On Exhibit: Hotter Than That - 90 Years of Louis Armstrong and His Hot Five

Posted on: Dec 22, 2015 -- Last updated on: Dec 22, 2015

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Louis Armstrong House Museum

Celebrates the 90th Anniversary of Louis Armstrong’s Hot Five

On Exhibit: Hotter Than That - 90 Years of Louis Armstrong and His Hot Five

The Louis Armstrong House Museum’s new exhibit Hotter Than That: 90 Years of Louis Armstrong and His Hot Five celebrates these landmark recordings that were the first records ever to be issued under Armstrong’s own name. This exhibit represents the ground breaking recorded legacy of Louis Armstrong and this immortal group, whose music will continue to influence future generations. As Armstrong himself said of his Hot Five recordings in 1970, “Ain’t nothing like it since, and can’t nobody play nothing like it now. My oldest record, can’t nobody touch it.”

For the past 90 years, critics, musicians, writers and fans have waxed poetic about the music of Armstrong’s Hot Five. As writer Leopold Froehlich once wrote, “What was the greatest band of the 20th century? Forget the Beatles—it was Louis Armstrong’s Hot Five.”

Though the Hot Five had a major impact on the course of jazz, the sessions only made up 17 scattered days over the course of three years of Armstrong’s life. In early November 1925, Louis Armstrong arrived back in Chicago after spending 13 months in New York. He had made his presence felt in person and on records but he was still just a sideman, uncredited on the record labels and unknown to most of the record buying public. 

This rankled Armstrong’s wife, Lil, who told him to come back to Chicago and join her band, where he would be billed as “The World’s Greatest Jazz Cornetist.” Word of Armstrong’s return reached Elmer “E. A.” Fearn of OKeh, who offered Armstrong to make his very first records under his own name. To make up the Hot Five, Armstrong placed calls to clarinetist Johnny Dodds, trombonist Kid Ory (then living in California) and banjoist Johnny St. Cyr, all musicians Louis performed with in his formative days in New Orleans. He never forgot where he came from.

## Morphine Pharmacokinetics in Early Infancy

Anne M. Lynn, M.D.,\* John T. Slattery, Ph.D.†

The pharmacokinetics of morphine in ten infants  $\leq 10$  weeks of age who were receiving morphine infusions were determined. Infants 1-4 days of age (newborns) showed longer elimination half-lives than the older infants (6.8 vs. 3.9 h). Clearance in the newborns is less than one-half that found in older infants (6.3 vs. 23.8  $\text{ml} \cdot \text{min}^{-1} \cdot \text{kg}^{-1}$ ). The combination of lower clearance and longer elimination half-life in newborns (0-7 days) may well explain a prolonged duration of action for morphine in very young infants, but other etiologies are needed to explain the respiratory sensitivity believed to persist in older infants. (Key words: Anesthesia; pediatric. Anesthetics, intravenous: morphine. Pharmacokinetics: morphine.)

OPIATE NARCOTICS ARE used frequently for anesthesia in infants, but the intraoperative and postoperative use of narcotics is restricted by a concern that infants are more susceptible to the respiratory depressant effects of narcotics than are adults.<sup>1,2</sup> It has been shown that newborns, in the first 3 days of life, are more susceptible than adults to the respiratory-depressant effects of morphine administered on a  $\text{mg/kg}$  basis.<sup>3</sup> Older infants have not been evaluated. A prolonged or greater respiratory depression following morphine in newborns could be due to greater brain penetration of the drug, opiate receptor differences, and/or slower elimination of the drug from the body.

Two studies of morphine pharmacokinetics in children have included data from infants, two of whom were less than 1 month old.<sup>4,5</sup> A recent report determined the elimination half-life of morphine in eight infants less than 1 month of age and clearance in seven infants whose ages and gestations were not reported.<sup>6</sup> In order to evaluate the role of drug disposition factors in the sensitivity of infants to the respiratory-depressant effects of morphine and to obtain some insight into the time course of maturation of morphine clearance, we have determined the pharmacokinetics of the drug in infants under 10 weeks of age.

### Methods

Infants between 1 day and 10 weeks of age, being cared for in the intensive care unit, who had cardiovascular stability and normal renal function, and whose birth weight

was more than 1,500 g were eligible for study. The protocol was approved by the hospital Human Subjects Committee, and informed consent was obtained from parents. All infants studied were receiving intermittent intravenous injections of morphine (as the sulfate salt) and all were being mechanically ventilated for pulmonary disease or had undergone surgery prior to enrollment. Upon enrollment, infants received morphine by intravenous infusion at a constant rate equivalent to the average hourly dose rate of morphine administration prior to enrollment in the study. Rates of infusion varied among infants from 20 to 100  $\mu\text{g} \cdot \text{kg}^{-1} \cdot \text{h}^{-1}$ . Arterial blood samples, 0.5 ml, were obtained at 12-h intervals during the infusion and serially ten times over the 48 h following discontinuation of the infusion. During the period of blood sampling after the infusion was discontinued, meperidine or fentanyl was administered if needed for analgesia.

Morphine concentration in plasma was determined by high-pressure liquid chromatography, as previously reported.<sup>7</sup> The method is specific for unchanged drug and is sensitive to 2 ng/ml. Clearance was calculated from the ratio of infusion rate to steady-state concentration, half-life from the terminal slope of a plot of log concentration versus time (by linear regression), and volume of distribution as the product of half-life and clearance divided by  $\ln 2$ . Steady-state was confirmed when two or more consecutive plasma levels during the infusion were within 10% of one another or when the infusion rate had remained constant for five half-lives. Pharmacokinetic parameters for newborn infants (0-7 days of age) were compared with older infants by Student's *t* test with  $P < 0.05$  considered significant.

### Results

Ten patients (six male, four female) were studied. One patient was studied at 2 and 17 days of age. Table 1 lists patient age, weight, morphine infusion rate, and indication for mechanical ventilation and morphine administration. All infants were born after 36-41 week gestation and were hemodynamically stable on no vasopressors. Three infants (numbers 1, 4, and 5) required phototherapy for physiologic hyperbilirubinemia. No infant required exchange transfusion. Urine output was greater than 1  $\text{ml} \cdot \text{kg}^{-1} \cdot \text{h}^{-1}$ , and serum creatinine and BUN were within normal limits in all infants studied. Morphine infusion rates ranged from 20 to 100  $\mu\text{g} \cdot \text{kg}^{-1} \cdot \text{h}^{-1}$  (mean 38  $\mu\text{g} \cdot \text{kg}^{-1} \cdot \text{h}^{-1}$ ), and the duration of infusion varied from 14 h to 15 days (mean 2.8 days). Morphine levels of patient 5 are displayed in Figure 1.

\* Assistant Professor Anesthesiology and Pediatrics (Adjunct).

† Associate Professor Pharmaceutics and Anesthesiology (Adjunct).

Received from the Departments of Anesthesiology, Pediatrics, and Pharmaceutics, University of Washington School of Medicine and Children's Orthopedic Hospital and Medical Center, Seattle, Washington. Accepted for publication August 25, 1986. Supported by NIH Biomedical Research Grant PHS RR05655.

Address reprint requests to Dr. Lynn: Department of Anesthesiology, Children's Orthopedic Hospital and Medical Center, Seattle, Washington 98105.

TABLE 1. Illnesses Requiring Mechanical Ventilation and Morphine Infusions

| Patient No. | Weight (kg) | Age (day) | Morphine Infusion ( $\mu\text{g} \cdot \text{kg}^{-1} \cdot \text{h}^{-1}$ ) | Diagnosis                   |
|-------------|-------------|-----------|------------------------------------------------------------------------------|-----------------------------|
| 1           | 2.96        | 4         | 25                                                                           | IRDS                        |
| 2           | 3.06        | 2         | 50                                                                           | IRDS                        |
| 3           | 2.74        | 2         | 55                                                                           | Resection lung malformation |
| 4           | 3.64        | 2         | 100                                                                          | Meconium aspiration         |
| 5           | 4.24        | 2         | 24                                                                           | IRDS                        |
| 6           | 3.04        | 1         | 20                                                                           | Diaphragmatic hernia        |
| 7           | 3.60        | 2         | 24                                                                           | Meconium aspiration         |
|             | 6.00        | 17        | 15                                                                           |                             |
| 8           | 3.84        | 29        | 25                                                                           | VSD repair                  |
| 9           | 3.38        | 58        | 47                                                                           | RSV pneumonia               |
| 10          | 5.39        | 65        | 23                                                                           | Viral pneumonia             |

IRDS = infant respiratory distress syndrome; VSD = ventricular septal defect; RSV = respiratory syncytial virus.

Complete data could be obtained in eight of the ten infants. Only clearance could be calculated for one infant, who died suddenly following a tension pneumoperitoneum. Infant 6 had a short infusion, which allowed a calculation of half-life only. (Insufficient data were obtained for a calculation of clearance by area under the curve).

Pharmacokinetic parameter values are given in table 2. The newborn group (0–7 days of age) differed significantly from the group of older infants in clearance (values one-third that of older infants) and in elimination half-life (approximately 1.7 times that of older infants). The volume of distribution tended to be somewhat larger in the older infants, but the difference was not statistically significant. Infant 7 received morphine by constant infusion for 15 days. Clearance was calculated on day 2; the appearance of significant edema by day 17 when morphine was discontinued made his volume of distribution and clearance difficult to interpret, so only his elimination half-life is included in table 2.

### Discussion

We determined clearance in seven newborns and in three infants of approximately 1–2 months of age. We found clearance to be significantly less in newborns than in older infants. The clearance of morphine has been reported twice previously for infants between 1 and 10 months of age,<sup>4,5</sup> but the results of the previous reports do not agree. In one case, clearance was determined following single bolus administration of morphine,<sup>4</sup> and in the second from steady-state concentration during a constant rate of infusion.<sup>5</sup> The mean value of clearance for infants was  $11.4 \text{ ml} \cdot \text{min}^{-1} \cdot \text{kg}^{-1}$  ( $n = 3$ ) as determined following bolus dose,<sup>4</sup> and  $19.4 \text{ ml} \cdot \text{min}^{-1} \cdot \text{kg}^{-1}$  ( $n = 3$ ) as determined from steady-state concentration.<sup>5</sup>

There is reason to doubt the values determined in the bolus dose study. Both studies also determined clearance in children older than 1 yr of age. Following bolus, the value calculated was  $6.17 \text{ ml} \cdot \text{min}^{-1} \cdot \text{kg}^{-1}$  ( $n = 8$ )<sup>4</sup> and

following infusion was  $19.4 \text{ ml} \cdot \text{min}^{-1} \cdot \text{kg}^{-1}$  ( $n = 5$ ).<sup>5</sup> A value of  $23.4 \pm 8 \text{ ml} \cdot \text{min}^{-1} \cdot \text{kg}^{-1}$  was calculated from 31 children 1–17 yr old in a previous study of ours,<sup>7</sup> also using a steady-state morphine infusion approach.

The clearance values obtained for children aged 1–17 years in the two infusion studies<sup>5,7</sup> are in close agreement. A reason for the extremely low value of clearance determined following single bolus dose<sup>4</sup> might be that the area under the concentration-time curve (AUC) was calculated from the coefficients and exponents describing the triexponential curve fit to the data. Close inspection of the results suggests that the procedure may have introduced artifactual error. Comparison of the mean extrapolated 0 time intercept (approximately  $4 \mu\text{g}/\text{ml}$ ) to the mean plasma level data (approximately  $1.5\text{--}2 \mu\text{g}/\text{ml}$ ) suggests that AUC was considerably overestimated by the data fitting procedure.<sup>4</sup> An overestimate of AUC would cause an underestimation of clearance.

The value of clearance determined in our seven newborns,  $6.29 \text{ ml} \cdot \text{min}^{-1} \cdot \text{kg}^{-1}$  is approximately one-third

On November 12, 1925, this aggregation entered OKeh’s Chicago studio and waxed three numbers, each released as performed by “Louis Armstrong and His Hot Five.” American popular music would never be the same. Though Armstrong had already made his mark on recordings as a sideman, his genius really blossomed on the Hot Five recordings, both as an instrumentalist and a vocalist. By the end of the Hot Five series in 1928, Armstrong had greatly impacted how musicians both played and sang. 

Ricky Riccardi director of research collections at the Louis Armstrong House Museum noted, "Louis Armstrong's Hot Five recordings are the most important recordings in jazz history, bar none. Everything stems from them and from Louis specifically. We hope this exhibit pays proper tribute to this landmark group but most of all, we hope it will make visitors further explore their music."

Hotter Than That - 90 Years of Louis Armstrong and His Hot Five will be on exhibit at the Louis Armstrong House Museum now through October 16th, 2016. Original Hot Five recordings are on display, including the 78-rpm record of “Gut Bucket Blues,” the very first Hot Five selection issued just before Christmas in 1925. Also on display are various photographs of Armstrong during his budding superstardom in the 1920s, both with and without the Hot Five. Various advertisements, articles and other contemporary coverage of Armstrong and the Hot Five have been reproduced for this exhibit, direct from Louis and Lil’s scrapbooks.

Hotter Than That: 90 Years of Louis Armstrong and His Hot Five also features artifacts dealing with the legacy of the Hot Five, including multiple Columbia Records reissues from the 1940s and 1950s, some with cover art by noted artists Alex Steinweiss and Jim Flora. Most excitingly, a limited-edition pencil etching of Armstrong done by famed cartoonist R. Crumb in 2012 will be on display for the first time.

Director of Research Collections Ricky Riccardi and Archives Assistant Brynn White, co-curators of the exhibit, have selected all of these artifacts from the Louis Armstrong House Museum’s monumental research collections, the world’s largest archives for a single jazz musician.

Planning Your Visit

The Louis Armstrong House Museum is located at 34-56 107th Street in Corona, Queens, New York. The museum is open Tuesday – Friday from 10:00 am to 5:00 pm and Saturday/Sunday from 12:00 noon – 5:00 pm. No reservations are necessary for individuals but groups of 8 or more should call 718.478.8274 or go here to make a reservation.

Admission is $10.00, $7.00 for seniors, students and children and free LAHM members and children under 4. Groups with reservations enjoy a discount on admission. The Louis Armstrong House Museum is closed on all Mondays and the following Holidays: Thanksgiving, Christmas Eve, Christmas Day, New Year’s Eve and New Year’s Day. It is always open on the 4th of July, in honor of Louis’s traditional birthday.

Parking is available within the neighborhood and the museum is accessible by subway via the 7 Train.